Even before Maloney spoke, Jefferson County Republican Executive Committee Chairman Anne Dungan took advantage of an opportunity to present him with a $500 check from her organization.

“We decided we would like to give it to him when he was here in Jefferson County so it makes this that much more special. … He is a good candidate with lots of business experience and is familiar with the coal mines that are so important to the state,” Dungan said.

Berkeley County Republican Executive Committee Chairman Mick Staton said he believes Maloney’s “real-world experiences” will be an asset as governor.

“With the election so close and one that we are all really interested in, this really is a special time to have him here. … He’s a businessman, not a politician, and I think it is time for someone like him as governor. Folks are really focused on the economy and they tend to trust a person who has built a business – someone who knows that you have to work and be efficient,” Staton said.

Delegate Daryl Cowles, R-51st District, who has served in the Legislature for five years, praised Maloney’s leadership skills.

“He’s running on his honest leadership and we desperately need that in Charleston, so I’m excited about his campaign. He’ll be a fresh face down at the (state) Capitol. … Earl Ray Tomblin does come off as a kind of shy guy because you don’t always see or hear from him a lot, which is where I think Bill Maloney will be really different since you’ll actually see him lead. So that will be in stark contrast to Earl Ray’s style,” Cowles said.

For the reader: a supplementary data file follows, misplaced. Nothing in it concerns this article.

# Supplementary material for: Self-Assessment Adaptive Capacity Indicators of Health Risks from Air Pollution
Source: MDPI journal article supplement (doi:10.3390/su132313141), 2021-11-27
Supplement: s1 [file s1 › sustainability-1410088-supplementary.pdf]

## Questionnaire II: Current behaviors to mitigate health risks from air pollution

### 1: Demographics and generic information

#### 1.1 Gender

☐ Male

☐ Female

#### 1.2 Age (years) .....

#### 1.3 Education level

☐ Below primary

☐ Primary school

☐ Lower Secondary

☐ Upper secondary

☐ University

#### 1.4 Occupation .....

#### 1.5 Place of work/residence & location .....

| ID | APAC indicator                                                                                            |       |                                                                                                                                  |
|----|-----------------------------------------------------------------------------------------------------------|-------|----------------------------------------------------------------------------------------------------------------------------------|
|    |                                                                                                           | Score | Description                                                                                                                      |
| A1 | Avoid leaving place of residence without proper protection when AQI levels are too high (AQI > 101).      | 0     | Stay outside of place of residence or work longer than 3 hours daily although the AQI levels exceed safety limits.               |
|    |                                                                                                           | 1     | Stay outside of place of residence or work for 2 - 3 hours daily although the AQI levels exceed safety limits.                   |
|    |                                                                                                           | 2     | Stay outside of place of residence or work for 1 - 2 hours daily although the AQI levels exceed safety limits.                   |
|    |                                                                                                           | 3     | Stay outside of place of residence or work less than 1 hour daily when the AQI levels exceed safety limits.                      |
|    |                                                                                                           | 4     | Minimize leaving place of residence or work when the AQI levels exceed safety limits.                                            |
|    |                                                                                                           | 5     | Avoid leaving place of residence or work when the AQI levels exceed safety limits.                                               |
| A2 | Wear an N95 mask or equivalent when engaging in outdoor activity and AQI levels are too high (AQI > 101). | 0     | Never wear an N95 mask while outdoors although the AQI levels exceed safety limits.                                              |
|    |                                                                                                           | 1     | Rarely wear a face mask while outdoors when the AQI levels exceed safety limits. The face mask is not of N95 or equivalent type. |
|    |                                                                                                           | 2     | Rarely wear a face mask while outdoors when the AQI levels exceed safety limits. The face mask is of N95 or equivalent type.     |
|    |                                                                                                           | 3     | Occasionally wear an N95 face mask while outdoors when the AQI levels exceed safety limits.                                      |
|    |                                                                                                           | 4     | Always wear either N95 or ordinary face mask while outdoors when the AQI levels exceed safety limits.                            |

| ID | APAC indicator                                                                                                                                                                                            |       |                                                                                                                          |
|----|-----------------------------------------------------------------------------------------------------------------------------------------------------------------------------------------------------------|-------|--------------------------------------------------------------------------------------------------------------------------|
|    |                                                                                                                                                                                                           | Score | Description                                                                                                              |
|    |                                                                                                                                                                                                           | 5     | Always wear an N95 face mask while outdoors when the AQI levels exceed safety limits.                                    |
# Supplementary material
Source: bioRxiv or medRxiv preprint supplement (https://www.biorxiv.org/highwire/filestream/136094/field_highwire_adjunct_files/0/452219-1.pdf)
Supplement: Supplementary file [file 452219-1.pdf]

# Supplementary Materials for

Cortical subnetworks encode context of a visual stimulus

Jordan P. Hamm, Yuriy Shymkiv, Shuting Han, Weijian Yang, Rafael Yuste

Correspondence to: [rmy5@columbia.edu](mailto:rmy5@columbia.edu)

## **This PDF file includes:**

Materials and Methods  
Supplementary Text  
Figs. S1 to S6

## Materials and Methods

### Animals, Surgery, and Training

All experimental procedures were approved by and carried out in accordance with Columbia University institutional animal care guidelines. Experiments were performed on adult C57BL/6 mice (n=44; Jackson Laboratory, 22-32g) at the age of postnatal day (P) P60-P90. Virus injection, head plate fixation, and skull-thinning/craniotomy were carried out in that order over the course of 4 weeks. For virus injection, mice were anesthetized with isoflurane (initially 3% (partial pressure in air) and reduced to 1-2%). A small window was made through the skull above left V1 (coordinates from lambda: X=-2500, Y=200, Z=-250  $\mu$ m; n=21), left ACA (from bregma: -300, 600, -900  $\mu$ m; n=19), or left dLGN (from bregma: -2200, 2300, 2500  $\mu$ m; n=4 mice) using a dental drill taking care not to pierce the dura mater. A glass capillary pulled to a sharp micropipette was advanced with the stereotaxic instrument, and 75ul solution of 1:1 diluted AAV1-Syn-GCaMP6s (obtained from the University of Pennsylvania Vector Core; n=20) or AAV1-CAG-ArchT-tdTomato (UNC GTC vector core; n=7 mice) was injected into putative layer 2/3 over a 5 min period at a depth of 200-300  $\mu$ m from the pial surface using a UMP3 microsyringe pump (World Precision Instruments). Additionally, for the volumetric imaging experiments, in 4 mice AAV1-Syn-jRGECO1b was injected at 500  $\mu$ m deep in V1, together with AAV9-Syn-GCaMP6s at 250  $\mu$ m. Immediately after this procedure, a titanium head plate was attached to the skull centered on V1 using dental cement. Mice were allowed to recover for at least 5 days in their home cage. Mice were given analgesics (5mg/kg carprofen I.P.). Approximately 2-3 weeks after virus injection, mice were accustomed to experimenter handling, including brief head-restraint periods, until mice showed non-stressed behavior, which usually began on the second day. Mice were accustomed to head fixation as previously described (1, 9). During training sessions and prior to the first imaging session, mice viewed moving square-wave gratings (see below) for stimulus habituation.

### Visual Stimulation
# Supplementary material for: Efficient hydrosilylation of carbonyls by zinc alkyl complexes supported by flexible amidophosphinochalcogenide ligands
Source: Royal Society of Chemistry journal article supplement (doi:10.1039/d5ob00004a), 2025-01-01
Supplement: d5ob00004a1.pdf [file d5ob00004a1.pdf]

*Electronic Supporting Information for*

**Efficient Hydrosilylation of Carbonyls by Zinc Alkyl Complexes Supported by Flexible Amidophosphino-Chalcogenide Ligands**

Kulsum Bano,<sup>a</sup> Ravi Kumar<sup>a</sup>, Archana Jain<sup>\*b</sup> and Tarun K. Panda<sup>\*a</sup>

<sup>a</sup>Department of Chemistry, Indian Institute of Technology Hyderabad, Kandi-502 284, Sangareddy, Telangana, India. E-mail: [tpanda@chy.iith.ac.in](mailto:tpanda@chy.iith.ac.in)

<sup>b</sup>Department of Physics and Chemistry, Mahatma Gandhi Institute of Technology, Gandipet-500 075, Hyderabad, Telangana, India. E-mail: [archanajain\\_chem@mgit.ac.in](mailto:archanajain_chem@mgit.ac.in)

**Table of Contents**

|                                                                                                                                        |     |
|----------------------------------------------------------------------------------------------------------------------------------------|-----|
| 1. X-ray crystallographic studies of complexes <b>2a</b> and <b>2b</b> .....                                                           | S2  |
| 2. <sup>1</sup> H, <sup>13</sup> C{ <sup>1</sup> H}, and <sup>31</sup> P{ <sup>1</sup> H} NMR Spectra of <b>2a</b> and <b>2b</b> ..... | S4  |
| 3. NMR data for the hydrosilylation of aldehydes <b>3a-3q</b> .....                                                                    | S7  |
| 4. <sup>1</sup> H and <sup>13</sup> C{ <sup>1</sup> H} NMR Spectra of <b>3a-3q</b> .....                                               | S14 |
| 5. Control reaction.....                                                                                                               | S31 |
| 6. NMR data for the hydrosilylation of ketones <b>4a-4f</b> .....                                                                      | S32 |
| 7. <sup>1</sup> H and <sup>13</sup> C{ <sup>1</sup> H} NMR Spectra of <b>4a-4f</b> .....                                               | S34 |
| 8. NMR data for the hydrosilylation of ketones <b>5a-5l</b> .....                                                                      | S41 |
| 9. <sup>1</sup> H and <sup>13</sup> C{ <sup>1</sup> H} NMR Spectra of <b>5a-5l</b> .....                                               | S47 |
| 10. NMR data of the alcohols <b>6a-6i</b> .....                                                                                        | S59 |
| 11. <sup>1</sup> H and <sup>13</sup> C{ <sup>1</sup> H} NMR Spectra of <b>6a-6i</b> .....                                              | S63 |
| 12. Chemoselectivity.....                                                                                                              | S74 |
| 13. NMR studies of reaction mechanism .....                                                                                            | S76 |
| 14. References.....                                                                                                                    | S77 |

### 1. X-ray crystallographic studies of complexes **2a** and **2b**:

It was important for Maloney to discuss his support for the creation of single-delegate districts as part of the state’s upcoming redistricting process, said Delegate Eric Householder, R-56th District.

“Bill Maloney definitely supports single-delegate districts, and we’re trying to get leadership to do the same. There’s been talk it is a Republican issue, but that’s not the case. It’s basically an issue of accountability, one that will benefit the citizens. I believe in one person, one vote, and to have single-delegate districts – 100 of them in the House of Delegates – will build on that,” Householder said.

Delegate John Overington, R-55th District, was more certain than ever about Maloney’s chances of becoming governor after hearing his speech Saturday.

“One of his strengths is that he doesn’t sound like a politician because he’s not a career politician. He’s coming from a business background with plans to run the state in a more businesslike manner, so that we will get the efficiencies that are needed,” Overington said.

“Government has gotten so bureaucratic in so many ways that we need someone like Bill Maloney to cut through all the red tape and make us more business-friendly so we can create more jobs, get unemployment down and have more revenue,” he said.

23rd Judicial Circuit Judge John Yoder said he also was glad to have the state GOP executive committee in the Eastern Panhandle.

As part of the event, Yoder said he’d hosted about 50 people at a reception in his home Friday night,

Yoder, who narrowly lost his 2010 state Supreme Court bid, is already working on another run next year, he said.